There are currently 10 British nationals, one resident and a British refugee held in Guantanamo Bay. Nine of the men, including Moazzam Begg whom the Pentagon has selected to face a military tribunal, were not captured by the American army or anti-Taliban forces in Afghanistan during the US-led attack on the impoverished country in 2001. They were kidnapped in other countries and handed over to US authorities.
Three of the British prisoners were seized by local authorities in Africa, interrogated and then handed over to the US military, which transported them to America’s Bagram airbase in Afghanistan and then Guantanamo Bay.
Other nationals kidnapped and sent to Guantanamo Bay include six Algerians, captured in Bosnia and then handed over to US officials in defiance of a Bosnian high court order to release them, a Sudanese assistant cameraman with Al Jazeera television and eight Russians, one of whom had been imprisoned by the Taliban regime on spying allegations.
Two Australian citizens—28-year-old David Hicks and Mamdouh Habib, 47, are also incarcerated in Guantanamo Bay. Hicks, one of those listed to face a military tribunal, was captured by the Northern Alliance and handed over to the US military in late December 2001. Habib, married and a father of four, was seized by Pakistan security forces on October 5, 2001, before the US-led attack on Afghanistan. He was transferred to an Egyptian prison where he was held incommunicado for five months and then moved to Guantanamo Bay via Afghanistan.
Last week, Louise Christian, who is acting for four of the British prisoners, published a scathing attack on the Blair government in the Guardian newspaper. She described Guantanamo Bay as a “legal black hole” and said Prime Minister Tony Blair had participated in a full-scale assault on democratic rights.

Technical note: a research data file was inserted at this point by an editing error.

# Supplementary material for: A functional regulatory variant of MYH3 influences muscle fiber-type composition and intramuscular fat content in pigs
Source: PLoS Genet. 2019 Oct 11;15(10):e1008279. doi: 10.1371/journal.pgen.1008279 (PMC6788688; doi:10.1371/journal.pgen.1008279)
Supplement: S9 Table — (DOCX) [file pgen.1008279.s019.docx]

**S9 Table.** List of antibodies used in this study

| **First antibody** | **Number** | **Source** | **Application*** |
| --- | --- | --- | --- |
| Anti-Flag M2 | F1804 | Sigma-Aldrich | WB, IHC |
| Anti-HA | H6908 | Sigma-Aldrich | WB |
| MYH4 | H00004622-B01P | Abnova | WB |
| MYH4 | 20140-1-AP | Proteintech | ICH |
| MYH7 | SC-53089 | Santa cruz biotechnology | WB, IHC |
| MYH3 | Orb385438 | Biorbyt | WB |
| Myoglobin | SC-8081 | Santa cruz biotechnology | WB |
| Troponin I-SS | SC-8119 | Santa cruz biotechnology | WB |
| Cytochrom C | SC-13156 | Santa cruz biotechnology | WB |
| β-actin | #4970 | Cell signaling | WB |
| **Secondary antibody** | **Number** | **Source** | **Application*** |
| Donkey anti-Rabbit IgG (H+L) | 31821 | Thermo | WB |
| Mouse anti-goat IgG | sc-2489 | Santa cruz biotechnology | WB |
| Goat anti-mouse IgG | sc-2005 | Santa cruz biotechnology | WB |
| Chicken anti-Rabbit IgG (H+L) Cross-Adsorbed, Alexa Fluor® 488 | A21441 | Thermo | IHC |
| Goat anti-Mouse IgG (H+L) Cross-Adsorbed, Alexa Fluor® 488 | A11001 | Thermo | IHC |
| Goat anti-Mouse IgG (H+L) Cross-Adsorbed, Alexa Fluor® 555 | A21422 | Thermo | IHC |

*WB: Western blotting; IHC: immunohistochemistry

She said Blair had “betrayed the most fundamental responsibility that any government assumes—the duty to protect the rule of law”. This went further than a failure to protect the British citizens incarcerated in Guantanamo Bay, she continued, but was “nothing less than collusion in an international experiment in inhumanity,” which was being “repeated and expanded around the world”.
Christian estimated that at least 15,000 people were being held without trial under the justification of the so-called “war on terrorism”. They included over 3,000 detained in Iraq; between 1,000 and 3,000 at the Bagram airbase; and an unknown number jailed in the British territory of Diego Garcia.Military lawyers oppose trials
Five US military attorneys appointed by the Pentagon to defend Guantanamo Bay prisoners due to face military hearings also lodged an amicus brief last week. It is the first time that serving military lawyers have made this sort of legal submission to America’s highest court.